So in everything, do to others what you would have them do to you, for this sums up the Law and the Prophets. Matthew 7:12
C. S. Lewis once wrote an article entitled, “How to Get Along With Difficult People.” In the article, he says that people often tell you that when you have conflict with someone you should go confront that person. The logic is that all you have to do is to “explain it to them in a reasonable, quiet, friendly way.”
But, countered Lewis, “And we, whatever we say outwardly, think sadly to ourselves, ‘He doesn’t know X. We do. We know how utterly hopeless it is to make X see reason. Either we’ve tried it over and over again—tried it till we are sick of trying it—or else we’ve never tried it because we saw from the beginning how useless it would be.”
“We know that if we attempt to ‘have it all out with X,’ there will either be a scene or else X will stare at us in blank amazement and say, ‘I don’t know what on earth you’re talking about’; or else (which is perhaps worst of all) X will quite agree with us and promise to turn over a new leaf and put everything on a new footing—and then, 24 hours later, will be exactly the same as X has always been.’” (C.S. Lewis, “How To Get Along With Difficult People,” Family Life Today, Sept. 1976, p. 4).
Once we have gotten to that point, suggests Lewis, we have begun to see people exactly as God sees them—stubborn, prejudiced, unforgiving, hard-headed, and most difficult. But he suggests there are several differences. God not only sees their faults but He also sees ours, as well, something which is concealed or denied. We know we are not the problem—the other person is. Of that, we are certain. He also suggests that another major difference is that God loves the other person in spite of his faults, and He goes on loving that difficult person whereas we reject the person, build a wall and want to walk away from that miserable, disgusting individual—be it a neighbor, your husband or wife, or your mother who wants to run your life.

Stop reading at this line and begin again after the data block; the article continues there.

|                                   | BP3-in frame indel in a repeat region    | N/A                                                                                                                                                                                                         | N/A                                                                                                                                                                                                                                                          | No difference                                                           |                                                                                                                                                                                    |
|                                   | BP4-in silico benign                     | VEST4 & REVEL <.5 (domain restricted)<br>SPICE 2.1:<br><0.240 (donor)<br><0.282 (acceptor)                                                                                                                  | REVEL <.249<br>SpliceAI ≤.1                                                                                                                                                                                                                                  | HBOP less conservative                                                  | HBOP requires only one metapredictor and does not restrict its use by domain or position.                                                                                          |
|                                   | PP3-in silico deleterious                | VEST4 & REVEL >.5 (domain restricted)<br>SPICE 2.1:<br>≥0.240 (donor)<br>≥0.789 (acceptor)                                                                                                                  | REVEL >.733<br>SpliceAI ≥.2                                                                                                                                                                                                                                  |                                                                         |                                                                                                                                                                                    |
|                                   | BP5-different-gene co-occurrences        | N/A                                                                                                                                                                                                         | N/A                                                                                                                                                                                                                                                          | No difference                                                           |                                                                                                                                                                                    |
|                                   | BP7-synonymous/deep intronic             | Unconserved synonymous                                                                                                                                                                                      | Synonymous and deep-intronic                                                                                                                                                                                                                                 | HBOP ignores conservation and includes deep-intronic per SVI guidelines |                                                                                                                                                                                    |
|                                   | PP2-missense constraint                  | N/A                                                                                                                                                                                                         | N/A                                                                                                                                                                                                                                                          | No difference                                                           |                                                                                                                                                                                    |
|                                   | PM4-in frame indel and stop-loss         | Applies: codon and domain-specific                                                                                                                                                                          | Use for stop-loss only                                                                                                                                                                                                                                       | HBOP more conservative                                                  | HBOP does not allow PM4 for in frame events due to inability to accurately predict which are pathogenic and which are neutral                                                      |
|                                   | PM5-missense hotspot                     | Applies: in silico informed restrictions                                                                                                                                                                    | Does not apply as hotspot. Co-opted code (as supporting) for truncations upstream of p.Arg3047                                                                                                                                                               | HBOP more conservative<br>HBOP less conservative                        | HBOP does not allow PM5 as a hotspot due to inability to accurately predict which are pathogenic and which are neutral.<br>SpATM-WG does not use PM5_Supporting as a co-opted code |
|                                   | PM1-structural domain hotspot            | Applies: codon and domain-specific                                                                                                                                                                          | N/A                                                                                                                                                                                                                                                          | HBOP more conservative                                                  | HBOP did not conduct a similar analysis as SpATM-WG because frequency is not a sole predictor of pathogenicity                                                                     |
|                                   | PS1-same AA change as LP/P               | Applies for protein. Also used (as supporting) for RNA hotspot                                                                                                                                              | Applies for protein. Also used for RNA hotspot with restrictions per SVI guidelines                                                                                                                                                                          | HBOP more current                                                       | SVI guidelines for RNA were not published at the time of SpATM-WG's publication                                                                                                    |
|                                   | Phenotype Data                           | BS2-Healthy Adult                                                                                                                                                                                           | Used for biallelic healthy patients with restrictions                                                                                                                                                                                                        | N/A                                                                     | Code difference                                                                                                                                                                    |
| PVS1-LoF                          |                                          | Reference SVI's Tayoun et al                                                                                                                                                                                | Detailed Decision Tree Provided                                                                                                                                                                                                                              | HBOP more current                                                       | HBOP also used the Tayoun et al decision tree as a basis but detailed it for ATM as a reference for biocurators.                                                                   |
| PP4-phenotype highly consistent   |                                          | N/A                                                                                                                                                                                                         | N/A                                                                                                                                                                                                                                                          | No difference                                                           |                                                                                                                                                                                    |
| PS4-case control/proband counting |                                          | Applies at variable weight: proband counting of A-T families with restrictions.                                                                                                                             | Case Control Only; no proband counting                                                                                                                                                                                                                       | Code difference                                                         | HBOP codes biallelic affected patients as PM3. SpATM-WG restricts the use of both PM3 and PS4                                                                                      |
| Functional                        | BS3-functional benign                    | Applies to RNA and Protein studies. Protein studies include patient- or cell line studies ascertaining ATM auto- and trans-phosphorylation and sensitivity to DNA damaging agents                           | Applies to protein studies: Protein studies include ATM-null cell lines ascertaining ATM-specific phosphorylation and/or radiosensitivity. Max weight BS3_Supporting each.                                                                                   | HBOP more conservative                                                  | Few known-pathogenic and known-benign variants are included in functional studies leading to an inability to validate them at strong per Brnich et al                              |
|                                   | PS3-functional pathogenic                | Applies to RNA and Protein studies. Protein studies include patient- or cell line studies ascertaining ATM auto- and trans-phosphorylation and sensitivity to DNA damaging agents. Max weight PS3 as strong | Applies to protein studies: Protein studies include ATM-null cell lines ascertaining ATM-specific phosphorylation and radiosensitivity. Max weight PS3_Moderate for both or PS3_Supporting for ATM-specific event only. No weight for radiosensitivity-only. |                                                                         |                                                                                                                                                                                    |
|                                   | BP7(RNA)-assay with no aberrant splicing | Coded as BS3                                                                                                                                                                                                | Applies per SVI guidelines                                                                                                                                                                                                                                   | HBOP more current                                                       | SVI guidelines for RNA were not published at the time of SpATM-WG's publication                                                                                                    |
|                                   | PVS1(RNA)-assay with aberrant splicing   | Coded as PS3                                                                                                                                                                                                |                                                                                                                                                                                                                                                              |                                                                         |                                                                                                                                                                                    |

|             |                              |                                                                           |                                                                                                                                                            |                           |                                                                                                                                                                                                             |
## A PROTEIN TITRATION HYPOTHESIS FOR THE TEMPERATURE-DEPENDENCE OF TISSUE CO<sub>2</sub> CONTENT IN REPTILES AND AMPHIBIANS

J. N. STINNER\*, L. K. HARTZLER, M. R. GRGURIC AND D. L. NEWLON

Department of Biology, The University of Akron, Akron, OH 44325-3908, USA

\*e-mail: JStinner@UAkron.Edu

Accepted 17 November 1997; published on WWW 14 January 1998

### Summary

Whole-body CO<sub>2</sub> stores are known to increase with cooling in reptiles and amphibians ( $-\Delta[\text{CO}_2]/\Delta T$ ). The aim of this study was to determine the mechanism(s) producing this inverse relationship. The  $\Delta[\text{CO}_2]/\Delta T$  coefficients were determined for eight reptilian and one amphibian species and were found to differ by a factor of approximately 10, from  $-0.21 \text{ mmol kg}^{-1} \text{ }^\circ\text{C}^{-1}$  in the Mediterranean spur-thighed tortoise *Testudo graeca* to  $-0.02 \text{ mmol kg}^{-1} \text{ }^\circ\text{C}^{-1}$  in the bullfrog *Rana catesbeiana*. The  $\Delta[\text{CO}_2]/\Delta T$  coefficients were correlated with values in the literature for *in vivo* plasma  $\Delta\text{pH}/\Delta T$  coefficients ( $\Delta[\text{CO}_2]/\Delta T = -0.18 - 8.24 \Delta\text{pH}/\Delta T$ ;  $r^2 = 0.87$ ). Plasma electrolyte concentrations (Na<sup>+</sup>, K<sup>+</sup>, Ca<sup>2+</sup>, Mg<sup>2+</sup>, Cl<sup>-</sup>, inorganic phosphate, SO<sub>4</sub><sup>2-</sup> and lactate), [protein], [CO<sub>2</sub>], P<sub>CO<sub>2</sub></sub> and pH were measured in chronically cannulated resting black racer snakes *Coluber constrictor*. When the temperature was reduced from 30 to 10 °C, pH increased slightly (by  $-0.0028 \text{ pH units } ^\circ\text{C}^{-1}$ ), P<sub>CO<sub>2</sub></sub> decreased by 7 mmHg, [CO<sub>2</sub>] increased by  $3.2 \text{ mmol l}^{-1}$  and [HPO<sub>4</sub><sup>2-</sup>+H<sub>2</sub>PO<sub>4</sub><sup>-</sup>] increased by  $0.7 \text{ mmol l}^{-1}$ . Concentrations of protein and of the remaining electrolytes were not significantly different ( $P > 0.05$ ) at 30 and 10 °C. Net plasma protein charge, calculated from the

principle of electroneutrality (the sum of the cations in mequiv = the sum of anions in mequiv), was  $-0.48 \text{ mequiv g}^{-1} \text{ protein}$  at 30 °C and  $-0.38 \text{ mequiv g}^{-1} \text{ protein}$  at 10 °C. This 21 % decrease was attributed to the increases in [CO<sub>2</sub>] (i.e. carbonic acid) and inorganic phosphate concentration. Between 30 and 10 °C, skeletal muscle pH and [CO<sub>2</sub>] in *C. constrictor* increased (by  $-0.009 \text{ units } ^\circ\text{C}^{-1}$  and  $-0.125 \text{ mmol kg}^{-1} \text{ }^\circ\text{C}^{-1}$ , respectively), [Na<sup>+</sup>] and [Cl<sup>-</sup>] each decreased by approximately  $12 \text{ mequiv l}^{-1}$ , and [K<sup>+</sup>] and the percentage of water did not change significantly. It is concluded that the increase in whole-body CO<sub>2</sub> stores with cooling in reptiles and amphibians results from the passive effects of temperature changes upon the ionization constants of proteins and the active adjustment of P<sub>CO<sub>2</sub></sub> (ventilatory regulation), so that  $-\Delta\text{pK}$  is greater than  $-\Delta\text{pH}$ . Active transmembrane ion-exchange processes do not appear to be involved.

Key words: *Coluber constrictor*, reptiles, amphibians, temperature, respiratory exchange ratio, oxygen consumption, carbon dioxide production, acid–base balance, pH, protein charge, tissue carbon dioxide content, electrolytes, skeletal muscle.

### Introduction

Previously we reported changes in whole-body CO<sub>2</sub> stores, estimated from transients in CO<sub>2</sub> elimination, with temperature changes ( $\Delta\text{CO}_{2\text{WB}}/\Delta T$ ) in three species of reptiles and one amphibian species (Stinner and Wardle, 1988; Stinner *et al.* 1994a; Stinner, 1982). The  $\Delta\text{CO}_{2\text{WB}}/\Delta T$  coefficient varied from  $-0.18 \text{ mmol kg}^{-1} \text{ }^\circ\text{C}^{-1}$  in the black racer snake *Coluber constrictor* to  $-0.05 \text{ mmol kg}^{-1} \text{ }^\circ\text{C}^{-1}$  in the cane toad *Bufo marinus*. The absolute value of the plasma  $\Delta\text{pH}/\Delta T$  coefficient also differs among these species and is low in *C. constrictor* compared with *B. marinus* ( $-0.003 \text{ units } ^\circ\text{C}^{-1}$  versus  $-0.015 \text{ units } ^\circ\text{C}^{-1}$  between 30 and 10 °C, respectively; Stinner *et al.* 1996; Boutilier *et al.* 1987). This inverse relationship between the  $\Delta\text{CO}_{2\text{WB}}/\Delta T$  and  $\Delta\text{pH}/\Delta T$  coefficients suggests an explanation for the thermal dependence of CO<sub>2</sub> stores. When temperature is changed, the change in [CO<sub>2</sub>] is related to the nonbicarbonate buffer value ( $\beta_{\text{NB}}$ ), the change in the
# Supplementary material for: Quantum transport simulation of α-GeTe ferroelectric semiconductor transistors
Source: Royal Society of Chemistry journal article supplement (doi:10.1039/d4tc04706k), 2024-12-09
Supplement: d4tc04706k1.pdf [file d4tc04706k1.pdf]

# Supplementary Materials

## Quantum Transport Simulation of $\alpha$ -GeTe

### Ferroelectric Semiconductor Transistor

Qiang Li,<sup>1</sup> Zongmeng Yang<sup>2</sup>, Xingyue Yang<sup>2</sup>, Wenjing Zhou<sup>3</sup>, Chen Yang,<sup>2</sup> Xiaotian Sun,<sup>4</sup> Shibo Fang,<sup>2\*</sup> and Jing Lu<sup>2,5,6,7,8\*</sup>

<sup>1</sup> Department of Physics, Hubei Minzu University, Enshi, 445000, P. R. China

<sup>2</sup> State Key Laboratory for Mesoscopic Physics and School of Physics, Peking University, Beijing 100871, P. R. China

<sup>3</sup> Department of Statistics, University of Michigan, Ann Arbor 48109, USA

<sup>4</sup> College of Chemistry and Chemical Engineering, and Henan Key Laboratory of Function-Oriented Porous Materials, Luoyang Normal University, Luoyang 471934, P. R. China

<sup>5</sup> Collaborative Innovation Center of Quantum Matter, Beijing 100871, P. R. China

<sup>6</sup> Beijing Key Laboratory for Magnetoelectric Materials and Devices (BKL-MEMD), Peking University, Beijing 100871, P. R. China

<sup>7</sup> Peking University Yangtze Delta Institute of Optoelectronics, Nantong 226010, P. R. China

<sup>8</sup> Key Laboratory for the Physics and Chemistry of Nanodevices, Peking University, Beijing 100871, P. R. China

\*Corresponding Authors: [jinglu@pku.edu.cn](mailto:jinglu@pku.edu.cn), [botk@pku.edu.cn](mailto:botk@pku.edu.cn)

“Of all the awkward people in your house or job,” says Lewis, “there is only one whom you can improve very much. That is the practical end at which to begin.” Obviously, it is yourself! Rather than changing the difficult person in your life, whether by using your greater logic or persuasion, winning the argument, or convincing him of his error, go to work on yourself.
When we see ourselves as problems, just like the other person, we have begun to see ourselves as God sees us and also move into the position of understanding the one with whom we have a disagreement.
When Jesus talked with the disciples about conflict resolution, He talked about the importance of confronting the person with whom there is disagreement—which I am sure Lewis would not minimize. But the attitude you have when you confront has everything to do with whether your conflict escalates into a real battle or finds resolution.
Understanding that there can be no conflict without two opposing forces and that you are one of them is a humbling experience. Fighting may well be natural, but forgiveness is supernatural; and when we forgive, it is amazing how others appear different.
Ultimately, change which is effective and enduring is the work of the Holy Spirit, something which we cannot do ourselves. You don’t have to take responsibility for the difficult person in your life, only yourself.
When you follow that, it is amazing how quickly the difficult person in your life begins to change. Change in the difficult person begins with you.
Resource reading: Matthew 7:9-12